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From potatoes grown in recycled sacks to “more crop per drop” fruit tree varieties, climate-smart and women-led agriculture initiatives became the center of discussions at a recent interregional conference convened by the United Nations Convention to Combat Desertification (UNCCD) in Dushanbe, Tajikistan. Fertile land is a precious commodity in Tajikistan, where 90% of the country's territory is covered by mountains and 60% of the population directly depend on agriculture for livelihood. Agriculture is a major part of Tajikistan’s economy. Can you spot the colors of one of its best-loved crops in the stripes of the national flag? As heatwaves, droughts and other extreme climate events become more frequent and severe across the globe, regional cooperation and knowledge sharing are becoming a priority in building drought resilience and fighting land degradation. In response to these growing challenges, representatives of Belarus, Georgia, Kazakhstan, Moldova, the Russian Federation, Tajikistan and Turkmenistan met in Dushanbe, Tajikistan from 1-2 July 2023 to discuss upscaling and coordinating legislative, educational, scientific and technical cooperation aimed at achieving Land Degradation Neutrality. Water is so precious in Central Asia, some say it’s worth more than gold. Burrowing deep into the soil, this well in the Gissar Valley carries water that contains trace amounts of the precious metal “Though we come from different climates and landscapes, we are united in the face of climate-induced drought and land degradation. Women who develop and test climate-smart and cost-effective solutions locally should be the ones spearheading regional and global efforts to grow and protect our food in the times of climactic stress,” participants stated. Reflecting the theme of this year's Desertification and Drought Day “Her Land. Her Rights”, discussions centered on the key role of civil society organizations, particularly those led by women, in harnessing donor financing and advancing legislative action in support of gender-responsive land restoration projects that provide sustainable rural livelihoods. Apples are the most popular fruit worldwide, and so are new ways to grow them more efficiently After attending a training series at the Youth Ecological Center in Dushanbe, Mavluda Akhmedova is using the technology of growing potatoes directly in recycled sacks on her homestead in the Dekhanabod village. This approach has proven particularly effective as more frequent and sudden heatwaves and droughts in Tajikistan raise the risk of harvest loss. Growing potatoes in sacks lets the farmers control the temperature and humidity better and is of particular use on small plots where growing space is at a premium. Greenhouses at the Agricultural University in Dushanbe use the latest technology, encouraging the students to test new approaches to efficient and sustainable crop production During a visit to an experimental farm in the Gissar District, participants learned how students from Agricultural University in Dushanbe test classroom knowledge to implement the “more crop per drop” approach on their 800 hectares under tillage, including a fruit orchard, a vineyard and pasture. Nothing tastes better than bread fresh from the oven! Farm-to-table is the way of life at the experimental farm of the Agricultural University of Dushanbe The university hopes that new investments and focus on research, smart tech and innovation will bring more female students to the classrooms and labs. Using compact varieties of fruit trees combined with drip irrigation means less water, less labour and less land are needed to produce comparable crop yields By the end of 2023, Tajikistan intends to complete the process of joining the Land Degradation Neutrality (LDN) Target-setting programme, bringing the number of countries who set voluntary LDN targets to 130, including all Central Asian nations. Furthermore, participation in the World Bank’s RESILAND CA+ Initiative will allow Tajikistan to access the knowledge base of other engaged countries – Kazakhstan, Uzbekistan and Kyrgyzstan – and train forest management and rangelands biodiversity specialists. Women are expected to become the majority of RESILAND CA+ projects’ participants and beneficiaries. Photography by Didor Sadulloev via UNDP Tajikistan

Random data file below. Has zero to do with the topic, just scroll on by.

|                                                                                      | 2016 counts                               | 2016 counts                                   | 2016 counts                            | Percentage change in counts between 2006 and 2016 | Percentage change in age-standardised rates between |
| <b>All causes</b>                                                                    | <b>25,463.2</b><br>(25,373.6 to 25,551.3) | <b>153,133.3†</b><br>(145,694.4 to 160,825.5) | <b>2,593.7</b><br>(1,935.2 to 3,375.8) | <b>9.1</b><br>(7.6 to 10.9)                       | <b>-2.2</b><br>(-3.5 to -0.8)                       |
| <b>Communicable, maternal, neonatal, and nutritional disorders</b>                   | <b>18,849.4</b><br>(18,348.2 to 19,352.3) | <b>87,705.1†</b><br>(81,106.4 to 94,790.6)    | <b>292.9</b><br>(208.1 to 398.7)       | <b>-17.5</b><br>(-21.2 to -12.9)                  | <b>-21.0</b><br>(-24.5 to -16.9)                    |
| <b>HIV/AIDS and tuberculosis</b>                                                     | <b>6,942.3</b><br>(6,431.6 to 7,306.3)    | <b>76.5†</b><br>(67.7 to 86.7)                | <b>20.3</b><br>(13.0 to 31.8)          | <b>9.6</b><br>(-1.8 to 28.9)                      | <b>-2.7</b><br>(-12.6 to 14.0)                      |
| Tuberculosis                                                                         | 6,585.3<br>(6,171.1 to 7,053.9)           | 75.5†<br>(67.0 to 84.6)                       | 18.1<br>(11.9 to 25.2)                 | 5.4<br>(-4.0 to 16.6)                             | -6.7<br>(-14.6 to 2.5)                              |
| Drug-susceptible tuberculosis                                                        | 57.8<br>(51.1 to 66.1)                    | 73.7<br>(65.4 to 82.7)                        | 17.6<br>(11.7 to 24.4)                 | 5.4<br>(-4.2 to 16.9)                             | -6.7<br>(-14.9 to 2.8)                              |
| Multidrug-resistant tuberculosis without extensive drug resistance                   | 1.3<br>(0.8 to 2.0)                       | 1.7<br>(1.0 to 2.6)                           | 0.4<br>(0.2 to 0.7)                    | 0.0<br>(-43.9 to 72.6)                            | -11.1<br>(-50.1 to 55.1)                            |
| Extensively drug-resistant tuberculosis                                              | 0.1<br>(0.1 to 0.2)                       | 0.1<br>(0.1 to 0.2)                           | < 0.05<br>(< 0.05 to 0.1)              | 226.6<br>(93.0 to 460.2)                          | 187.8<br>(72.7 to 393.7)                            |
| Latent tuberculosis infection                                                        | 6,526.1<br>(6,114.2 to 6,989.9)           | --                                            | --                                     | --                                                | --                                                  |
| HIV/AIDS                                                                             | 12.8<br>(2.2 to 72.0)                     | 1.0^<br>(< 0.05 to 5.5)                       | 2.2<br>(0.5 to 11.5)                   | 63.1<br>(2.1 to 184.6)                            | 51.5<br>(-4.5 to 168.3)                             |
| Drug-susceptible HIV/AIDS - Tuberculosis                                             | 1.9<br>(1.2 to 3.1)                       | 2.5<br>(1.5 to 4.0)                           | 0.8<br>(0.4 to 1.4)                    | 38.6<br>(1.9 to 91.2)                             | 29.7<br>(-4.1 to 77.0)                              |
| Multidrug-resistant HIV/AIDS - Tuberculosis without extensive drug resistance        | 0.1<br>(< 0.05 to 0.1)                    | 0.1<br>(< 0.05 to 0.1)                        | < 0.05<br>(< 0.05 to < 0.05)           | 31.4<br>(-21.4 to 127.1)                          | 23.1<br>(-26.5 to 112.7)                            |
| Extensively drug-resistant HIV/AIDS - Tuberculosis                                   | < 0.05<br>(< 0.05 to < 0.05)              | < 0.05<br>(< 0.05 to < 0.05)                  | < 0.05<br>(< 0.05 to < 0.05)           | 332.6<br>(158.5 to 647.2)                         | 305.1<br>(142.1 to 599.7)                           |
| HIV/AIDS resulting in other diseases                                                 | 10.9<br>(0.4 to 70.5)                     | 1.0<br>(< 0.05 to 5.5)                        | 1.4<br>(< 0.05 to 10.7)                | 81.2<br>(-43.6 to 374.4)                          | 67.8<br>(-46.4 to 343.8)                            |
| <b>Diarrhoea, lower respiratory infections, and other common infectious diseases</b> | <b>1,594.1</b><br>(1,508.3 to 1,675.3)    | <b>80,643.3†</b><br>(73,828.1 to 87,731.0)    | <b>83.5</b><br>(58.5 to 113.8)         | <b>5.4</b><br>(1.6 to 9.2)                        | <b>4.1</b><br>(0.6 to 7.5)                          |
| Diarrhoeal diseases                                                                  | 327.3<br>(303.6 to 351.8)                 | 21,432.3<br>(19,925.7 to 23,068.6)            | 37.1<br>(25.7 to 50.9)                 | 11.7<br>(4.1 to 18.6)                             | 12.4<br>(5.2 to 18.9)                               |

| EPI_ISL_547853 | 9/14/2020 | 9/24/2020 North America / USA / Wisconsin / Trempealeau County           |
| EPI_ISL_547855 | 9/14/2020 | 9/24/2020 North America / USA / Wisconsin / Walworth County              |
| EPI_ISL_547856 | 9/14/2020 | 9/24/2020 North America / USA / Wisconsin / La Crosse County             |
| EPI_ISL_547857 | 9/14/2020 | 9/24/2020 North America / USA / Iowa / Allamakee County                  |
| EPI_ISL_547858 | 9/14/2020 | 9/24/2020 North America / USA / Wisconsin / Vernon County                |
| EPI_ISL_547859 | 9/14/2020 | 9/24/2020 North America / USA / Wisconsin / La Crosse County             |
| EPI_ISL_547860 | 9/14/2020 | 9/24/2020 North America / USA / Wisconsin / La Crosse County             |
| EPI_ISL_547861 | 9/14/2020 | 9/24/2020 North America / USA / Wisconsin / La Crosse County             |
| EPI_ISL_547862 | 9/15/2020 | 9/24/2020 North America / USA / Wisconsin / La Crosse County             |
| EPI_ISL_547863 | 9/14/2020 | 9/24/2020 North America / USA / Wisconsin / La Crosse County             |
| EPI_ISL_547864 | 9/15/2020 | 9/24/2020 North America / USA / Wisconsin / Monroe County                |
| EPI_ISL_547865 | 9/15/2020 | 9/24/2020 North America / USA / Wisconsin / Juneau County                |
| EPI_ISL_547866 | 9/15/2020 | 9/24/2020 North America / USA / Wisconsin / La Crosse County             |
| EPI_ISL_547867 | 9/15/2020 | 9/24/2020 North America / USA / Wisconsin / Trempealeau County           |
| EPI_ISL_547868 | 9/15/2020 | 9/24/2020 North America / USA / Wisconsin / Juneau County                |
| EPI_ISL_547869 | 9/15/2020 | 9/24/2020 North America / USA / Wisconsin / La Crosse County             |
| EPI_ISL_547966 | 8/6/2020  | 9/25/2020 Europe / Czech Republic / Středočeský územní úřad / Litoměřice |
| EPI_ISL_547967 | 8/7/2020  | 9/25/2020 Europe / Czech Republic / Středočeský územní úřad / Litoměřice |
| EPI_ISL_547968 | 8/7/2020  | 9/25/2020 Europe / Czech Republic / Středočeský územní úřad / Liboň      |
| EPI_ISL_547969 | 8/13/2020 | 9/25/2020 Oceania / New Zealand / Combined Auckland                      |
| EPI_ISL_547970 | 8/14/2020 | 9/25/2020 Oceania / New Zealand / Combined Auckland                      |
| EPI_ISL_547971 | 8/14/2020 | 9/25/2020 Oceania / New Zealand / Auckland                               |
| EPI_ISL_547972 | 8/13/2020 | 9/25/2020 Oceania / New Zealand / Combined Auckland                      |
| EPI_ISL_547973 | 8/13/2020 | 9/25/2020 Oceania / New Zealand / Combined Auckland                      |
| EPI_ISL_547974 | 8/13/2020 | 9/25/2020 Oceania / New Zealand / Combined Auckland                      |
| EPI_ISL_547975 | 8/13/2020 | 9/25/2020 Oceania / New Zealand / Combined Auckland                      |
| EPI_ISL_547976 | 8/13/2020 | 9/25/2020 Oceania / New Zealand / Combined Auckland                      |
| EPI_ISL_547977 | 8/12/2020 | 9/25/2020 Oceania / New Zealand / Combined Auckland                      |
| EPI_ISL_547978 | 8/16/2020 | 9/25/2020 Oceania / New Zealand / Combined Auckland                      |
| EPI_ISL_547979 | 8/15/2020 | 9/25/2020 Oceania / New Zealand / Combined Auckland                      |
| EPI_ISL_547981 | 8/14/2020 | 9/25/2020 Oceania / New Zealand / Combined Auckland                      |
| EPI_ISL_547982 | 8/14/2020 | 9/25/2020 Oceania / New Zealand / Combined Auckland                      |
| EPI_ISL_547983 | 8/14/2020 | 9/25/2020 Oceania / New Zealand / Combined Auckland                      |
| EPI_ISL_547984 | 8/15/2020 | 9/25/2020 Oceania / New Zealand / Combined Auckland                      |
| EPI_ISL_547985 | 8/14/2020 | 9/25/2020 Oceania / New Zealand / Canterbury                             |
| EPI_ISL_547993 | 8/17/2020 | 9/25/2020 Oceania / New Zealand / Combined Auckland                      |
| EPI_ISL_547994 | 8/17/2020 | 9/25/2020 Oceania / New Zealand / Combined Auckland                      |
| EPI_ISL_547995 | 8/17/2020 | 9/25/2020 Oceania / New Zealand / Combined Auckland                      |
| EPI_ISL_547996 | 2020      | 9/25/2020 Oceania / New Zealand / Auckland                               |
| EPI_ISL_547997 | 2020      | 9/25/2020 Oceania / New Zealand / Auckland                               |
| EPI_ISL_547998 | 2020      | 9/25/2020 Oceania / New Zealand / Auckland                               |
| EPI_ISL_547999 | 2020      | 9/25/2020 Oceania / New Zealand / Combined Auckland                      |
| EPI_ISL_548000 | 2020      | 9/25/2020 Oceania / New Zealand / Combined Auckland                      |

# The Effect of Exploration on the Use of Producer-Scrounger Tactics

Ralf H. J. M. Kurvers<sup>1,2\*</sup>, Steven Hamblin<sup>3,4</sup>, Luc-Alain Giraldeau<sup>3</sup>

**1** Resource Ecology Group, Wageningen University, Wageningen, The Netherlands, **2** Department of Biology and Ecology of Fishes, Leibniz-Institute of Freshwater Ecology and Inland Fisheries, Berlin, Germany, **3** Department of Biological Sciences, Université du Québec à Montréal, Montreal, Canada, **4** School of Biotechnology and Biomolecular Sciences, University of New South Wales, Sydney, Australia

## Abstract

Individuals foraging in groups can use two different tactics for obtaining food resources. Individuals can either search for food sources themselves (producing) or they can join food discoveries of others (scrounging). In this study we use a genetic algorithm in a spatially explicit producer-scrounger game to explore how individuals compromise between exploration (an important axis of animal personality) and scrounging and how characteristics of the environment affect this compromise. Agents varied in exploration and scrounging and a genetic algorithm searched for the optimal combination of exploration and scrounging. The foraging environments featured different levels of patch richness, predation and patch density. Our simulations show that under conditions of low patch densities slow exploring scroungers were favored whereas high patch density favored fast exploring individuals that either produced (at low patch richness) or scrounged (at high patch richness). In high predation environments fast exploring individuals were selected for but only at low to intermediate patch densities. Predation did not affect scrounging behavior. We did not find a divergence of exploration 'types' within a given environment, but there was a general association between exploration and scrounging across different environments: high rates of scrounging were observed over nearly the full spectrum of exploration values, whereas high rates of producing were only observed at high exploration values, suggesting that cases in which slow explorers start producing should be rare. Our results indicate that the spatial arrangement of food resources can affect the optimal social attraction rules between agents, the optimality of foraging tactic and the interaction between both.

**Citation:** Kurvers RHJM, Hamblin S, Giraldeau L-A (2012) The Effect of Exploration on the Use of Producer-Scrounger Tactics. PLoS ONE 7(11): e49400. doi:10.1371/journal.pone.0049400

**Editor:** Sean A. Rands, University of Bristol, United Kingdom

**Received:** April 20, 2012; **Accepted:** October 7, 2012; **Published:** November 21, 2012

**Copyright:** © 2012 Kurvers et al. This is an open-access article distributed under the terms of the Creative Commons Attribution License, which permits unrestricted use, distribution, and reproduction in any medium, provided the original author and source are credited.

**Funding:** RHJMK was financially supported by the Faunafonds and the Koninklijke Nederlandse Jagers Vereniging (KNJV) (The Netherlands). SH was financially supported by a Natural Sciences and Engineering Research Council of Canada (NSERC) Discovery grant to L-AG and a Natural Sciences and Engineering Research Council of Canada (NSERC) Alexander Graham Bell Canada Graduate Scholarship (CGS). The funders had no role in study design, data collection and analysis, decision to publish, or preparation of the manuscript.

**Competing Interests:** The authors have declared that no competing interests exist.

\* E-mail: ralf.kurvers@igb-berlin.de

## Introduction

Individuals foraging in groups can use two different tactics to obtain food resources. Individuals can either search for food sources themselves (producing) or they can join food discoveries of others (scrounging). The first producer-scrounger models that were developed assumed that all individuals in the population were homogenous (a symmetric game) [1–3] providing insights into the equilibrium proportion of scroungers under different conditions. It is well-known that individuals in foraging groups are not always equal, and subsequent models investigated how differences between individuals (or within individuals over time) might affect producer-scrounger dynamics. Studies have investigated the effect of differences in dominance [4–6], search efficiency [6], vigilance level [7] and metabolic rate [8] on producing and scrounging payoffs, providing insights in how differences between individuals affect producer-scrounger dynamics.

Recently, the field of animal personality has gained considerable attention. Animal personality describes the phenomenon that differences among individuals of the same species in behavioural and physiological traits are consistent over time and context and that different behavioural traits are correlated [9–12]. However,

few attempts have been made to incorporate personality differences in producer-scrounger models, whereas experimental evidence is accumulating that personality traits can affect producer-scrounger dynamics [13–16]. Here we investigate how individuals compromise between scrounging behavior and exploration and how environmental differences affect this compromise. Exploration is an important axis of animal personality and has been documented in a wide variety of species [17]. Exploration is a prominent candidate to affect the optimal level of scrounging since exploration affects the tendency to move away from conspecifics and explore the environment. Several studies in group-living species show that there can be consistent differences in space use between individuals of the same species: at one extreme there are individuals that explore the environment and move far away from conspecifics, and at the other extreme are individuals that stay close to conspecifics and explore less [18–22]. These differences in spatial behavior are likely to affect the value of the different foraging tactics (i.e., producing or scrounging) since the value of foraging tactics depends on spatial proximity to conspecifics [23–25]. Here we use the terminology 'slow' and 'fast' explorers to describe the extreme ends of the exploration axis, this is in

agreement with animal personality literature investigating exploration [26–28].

Healthy food, healthy climate, healthy planet: they are all impossible without healthy soil. Soil is literally the foundation of human wellbeing on this planet. That’s why on World Soil Day we celebrate this precious and precarious layer of life-giving substance. Almost 99% of our calories come from land. So we can say soil is where our food begins. It can take up to a thousand years to produce just one inch of soil. But it only takes moments to destroy it – through flash floods or sand and dust storms that strip our fertile topsoil. Every five seconds, the equivalent of one soccer field is eroded. We must urgently change the way we care for our land and the way we feed our world of eight billion people. Diversifying cropping system, no-till farming, replacing chemical fertilizers and pesticides with organic alternatives are just some solutions that can lead to healthier soils and more nutritious foods. Beyond food, soil is a mighty ally in mitigating and adapting to climate change. More organic carbon can be stored in the soil than in vegetation and atmosphere combined. Restoring degraded land makes it a powerful carbon sink. Finally, the world’s soils are teeming with biodiversity: they are home to one trillion times more bacteria than there are stars in the universe! Fungi is an essential part of healthy soil. It breaks down organic matter so that nutrients become available for plants. And then there are over 2,700 species of earthworms. These vital but under-appreciated creatures keep our soil alive and fertile. This World Soil Day and every day, let’s celebrate our soil, let’s cherish our soil, let’s save our soil. Thank you.